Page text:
Replicas of historic places on the grounds depict the history of the Lone Star State. The Texas Historical Commission placed Texas historical markers at a replica of Fort St. Louis, originally established in 1685; a "Boom Town" that contains some of the oil rigging and tools used by roughnecks during the 1920s; an antique hand-carved carousel; and at the park's demonstration of Texas railroads, which provides visitors a view of some of the original narrow-gauge railway tracks used in the nineteenth century. The 205-acre park offers more than 100 rides and shows for the price of admission. Popular recording artists perform at the Music Mill Theater during the evenings. An amphitheater provides revues, and a number of restaurants serve traditional Southern, Mexican, and American foods. Rides include a runaway train, a 143-foot-tall wooden rollercoaster, a log-flume water ride, and the "Cliff-hanger," which provides the sensation of stepping off a nine-story building and free-falling for 155 feet. In its first thirty years of operation, Six Flags over Texas had forty million visitors. The park is open on weekends from March through May, daily from June through Labor Day, and on weekends through early November. Between Thanksgiving and New Year's Eve the park hosts a festival called "Holiday in the Park."

As of 2019, Six Flags was the largest regional theme park company in the world and owned and operated twenty-seven theme and water parks in the U.S., Canada, and Mexico. That year the company reported thirty-three million annual visitors to its numerous parks, and a revenue of $1.5 billion. The Six Flags theme parks cumulatively included 925 rides, 145 roller coasters, and employed 52,000 people.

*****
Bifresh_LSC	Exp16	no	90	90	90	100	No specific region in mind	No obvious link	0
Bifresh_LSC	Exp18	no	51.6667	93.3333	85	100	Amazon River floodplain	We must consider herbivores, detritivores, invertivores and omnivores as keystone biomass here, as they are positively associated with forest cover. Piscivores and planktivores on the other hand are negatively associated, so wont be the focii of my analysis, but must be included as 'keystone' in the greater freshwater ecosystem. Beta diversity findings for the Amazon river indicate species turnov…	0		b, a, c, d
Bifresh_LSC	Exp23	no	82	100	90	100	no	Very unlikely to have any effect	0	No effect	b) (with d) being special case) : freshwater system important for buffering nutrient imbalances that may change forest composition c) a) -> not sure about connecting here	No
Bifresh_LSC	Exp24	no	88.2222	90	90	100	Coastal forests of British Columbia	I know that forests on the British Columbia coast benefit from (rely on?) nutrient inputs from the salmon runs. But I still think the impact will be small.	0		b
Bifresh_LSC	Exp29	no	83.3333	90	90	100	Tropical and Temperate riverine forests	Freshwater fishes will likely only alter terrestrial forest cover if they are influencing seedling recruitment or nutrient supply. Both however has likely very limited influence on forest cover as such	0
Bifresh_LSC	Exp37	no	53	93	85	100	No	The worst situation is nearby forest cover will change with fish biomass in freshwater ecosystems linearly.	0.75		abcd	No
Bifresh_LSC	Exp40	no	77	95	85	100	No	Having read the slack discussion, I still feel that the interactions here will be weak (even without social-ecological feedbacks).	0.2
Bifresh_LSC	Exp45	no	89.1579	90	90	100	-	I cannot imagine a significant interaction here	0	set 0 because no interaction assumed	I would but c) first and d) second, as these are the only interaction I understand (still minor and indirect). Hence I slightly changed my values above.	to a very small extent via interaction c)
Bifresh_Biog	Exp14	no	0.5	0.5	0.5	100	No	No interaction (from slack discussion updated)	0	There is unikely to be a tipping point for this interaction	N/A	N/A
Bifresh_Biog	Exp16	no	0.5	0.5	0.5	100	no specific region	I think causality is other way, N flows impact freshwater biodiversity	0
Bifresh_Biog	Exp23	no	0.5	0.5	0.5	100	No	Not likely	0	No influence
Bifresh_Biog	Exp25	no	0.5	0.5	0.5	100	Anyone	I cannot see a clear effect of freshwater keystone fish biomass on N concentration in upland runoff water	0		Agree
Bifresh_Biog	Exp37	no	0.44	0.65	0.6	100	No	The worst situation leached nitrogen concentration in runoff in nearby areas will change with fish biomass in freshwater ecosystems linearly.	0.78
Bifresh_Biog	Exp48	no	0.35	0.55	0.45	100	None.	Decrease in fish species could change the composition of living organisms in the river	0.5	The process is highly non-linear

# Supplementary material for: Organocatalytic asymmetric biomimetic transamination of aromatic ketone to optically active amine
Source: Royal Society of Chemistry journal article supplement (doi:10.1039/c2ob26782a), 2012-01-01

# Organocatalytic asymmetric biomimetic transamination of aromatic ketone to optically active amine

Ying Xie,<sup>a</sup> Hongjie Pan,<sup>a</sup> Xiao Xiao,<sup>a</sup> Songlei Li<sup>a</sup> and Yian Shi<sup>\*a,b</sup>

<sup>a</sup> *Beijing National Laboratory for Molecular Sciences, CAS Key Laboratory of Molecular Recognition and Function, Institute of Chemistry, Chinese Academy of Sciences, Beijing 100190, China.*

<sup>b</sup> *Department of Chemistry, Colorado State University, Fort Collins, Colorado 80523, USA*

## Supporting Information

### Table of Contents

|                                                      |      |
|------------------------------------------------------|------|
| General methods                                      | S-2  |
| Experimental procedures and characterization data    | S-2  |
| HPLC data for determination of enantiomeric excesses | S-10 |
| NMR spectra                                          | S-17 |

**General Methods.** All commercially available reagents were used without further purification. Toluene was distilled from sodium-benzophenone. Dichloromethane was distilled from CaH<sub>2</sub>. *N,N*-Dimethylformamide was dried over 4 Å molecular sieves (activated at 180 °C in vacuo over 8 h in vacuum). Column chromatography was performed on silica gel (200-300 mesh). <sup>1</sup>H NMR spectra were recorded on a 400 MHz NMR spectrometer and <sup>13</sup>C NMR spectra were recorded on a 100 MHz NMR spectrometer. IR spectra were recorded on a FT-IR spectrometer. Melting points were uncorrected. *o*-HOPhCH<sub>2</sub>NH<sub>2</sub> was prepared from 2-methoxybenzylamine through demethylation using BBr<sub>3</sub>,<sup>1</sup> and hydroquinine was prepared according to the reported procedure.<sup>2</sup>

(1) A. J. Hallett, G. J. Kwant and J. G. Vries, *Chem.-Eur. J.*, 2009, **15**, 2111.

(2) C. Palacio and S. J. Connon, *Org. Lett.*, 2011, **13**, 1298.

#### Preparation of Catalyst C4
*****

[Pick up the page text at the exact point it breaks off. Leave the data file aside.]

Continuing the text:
Arlington Chamber of Commerce, Arlington, Texas (California: Windsor Publications Inc., 1972). Austin American Statesman, March 28, 2011. Fort Worth Star-Telegram, November 10, 1957, August 4, 1961, November 26, 1961. Komatsu Architecture et al. Final Arlington Historic Resources Survey Update (September 2007), Slover, Katherine, “A High Caliber Family Show: The Story of Six Flags Over Texas,” Texas (Austin: Texas Monthly Press, 1982; rev. ed., 1989). Texas Department of Transportation, Report for Historical Studies Survey, IH 30, Fort Worth District (March, 2015). “Six Flags at a Glance,”

Time Periods:
  • Texas Post World War II
  • Texas in the 21st Century
  • Dallas/Fort Worth Region
  • North Texas

The following, adapted from the Chicago Manual of Style, 15th edition, is the preferred citation for this entry.

Claude Cox Revised by Rebecca Wallisch, “Six Flags Over Texas,” Handbook of Texas Online, accessed August 10, 2022,

Published by the Texas State Historical Association.

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October 29, 2021